Although plan sponsors are reluctant to reduce the size of their funding hole by filling it in with contributions, they realize that only a fixed income strategy can control unsettling volatility. So they may seek a compromise approach. Enter “de-risking,” whereby the plan reduces its risk systematically, as its funding position improves. The general idea is that the plan reduces its exposure to equities and increases its long term bond allocation until it reaches close to 100% funding.

Another variation entails the purchase of annuities when prices are right. An older flavor, called a nonparticipating annuity, allowed the plan to irrevocably transfer the risk of participant benefits to an insurer, in exchange for a cash premium. That structure was known as a buy-out; the new flavor is called a buy-in, logically enough. The buy-in allows the plan to provisionally transfer the risk to the insurer, but it is revocable.

The prices of annuities are largely tied to rates on high quality fixed income investments. Since interest rates on these are low and prices are therefore high, the prices of annuities are generally high as well. The relatively high annuity prices are reflected in the low level of market demand. Annuity purchase activity has not picked up since the late 1990s, and the buy-in annuity has not yet fulfilled its promise.

The role of fixed income in DB plans

The general goal of a de-risking strategy is to gradually reduce the volatility which plagues DB plan funding and accounting expense. By the time that the plan’s assets are equal to funding liabilities, it will likely have a nearly total fixed income allocation. Once that point is reached, is it likely that a plan would ever reallocate a significant portion of its assets to equities?

Many plans are frozen. They will likely go through a formal termination process to settle all benefit obligations, at which point the plans will go out of existence. These sponsors are unlikely to move away from fixed income, because their termination liabilities will be very similar to the funding liabilities that they have targeted.

Some plans that are not frozen will continue. Are they likely to reintroduce the volatility that has proven so troublesome, by increasing their equity allocations? It is certainly possible that strategies involving overfunding or development of prefunding balances could be used to manage volatility, at least on the funding side. Safety and security, however, would still be powerful reasons to stick with fixed income.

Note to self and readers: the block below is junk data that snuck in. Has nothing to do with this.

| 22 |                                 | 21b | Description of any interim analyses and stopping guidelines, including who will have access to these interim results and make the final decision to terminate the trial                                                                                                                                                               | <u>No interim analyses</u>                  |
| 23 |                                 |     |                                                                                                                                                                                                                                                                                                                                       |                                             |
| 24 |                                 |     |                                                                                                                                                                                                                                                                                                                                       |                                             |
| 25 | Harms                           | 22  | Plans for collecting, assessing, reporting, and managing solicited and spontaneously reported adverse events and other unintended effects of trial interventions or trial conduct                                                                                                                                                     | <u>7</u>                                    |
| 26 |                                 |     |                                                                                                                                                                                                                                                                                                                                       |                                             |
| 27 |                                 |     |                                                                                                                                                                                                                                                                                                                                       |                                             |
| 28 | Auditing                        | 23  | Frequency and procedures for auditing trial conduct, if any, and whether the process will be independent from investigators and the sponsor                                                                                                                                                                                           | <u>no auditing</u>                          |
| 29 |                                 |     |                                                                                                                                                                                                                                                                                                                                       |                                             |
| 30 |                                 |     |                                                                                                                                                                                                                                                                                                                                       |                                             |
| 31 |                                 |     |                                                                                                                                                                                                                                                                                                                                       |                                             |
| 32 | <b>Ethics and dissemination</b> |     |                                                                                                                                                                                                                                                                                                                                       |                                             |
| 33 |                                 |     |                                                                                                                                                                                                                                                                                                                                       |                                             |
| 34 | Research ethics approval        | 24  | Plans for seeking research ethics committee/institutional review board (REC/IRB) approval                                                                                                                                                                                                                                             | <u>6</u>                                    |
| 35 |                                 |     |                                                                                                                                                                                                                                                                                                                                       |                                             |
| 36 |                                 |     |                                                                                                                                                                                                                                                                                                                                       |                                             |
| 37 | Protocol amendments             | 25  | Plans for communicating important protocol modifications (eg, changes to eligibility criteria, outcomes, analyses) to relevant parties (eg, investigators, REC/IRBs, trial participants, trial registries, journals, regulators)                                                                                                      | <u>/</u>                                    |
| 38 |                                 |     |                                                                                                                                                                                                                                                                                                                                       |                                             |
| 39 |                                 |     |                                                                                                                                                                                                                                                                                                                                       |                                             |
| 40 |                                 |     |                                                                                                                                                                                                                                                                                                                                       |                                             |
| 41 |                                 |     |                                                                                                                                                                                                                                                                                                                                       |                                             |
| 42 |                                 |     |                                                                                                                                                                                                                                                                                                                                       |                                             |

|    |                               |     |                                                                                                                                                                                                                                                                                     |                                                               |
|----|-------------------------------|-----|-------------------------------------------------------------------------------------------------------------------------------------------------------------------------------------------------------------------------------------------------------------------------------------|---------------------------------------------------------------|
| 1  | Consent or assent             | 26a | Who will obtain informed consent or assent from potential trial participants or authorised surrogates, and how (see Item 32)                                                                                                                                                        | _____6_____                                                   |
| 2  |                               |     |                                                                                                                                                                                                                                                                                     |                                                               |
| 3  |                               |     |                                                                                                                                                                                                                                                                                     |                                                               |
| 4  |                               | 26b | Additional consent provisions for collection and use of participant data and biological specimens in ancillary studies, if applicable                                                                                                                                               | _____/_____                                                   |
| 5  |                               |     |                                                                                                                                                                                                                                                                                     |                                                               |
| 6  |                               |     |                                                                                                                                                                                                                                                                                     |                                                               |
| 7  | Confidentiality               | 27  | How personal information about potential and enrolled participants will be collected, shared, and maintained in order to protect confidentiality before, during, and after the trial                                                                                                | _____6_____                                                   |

To some extent, plans have reverted to a DB investing strategy that was common in the 1970s and earlier. A plan sponsor purchased a deferred annuity for each participant as the benefits were earned, so that the benefit was guaranteed and the costs were known. Beginning in the 1980s, plans moved to include large equity allocations. The reversion to greater fixed income investment is similar to the old deferred annuity approach.

Suppose DB plans move from equities to largely fixed income investments. That transition would reverse an observed phenomenon, that DB plans earn higher rates of return than participant-investors in savings plans. In other words, DC plans could ultimately provide a higher level of benefits than DB plans, by undertaking more risk for more reward. That would indeed be a curious result of the Pension Protection Act!

The time for action

While some plans have doubtless begun to implement a de-risking strategy, most are taking a wait and see approach. Interest rates are still hovering at low level, although markets moved sharply higher in the first quarter of 2012. The Fed has publicly stated that its goal is to keep interest rates low for the near future.

Two contingencies may trigger de-risking strategies:

• Rising equity markets might improve funding levels sufficiently that a swap of equity for fixed income becomes palatable
• Interest rates might rise, lowering liabilities, and fixed income investments might become more attractive (which should also make annuitization more attractive)

Is a bell going to ring, telling plan sponsors to get going? It is likely that either of these events will start a trickle, which might develop into a steady flow. Once events move, there could be a rush by plan sponsors. The moral is that, even though the moment for action might not yet be at hand, it is already time for putting together contingency plans. You do need to be ready to act quickly when that bell sounds.

Richard Berger Contributor:   Richard Berger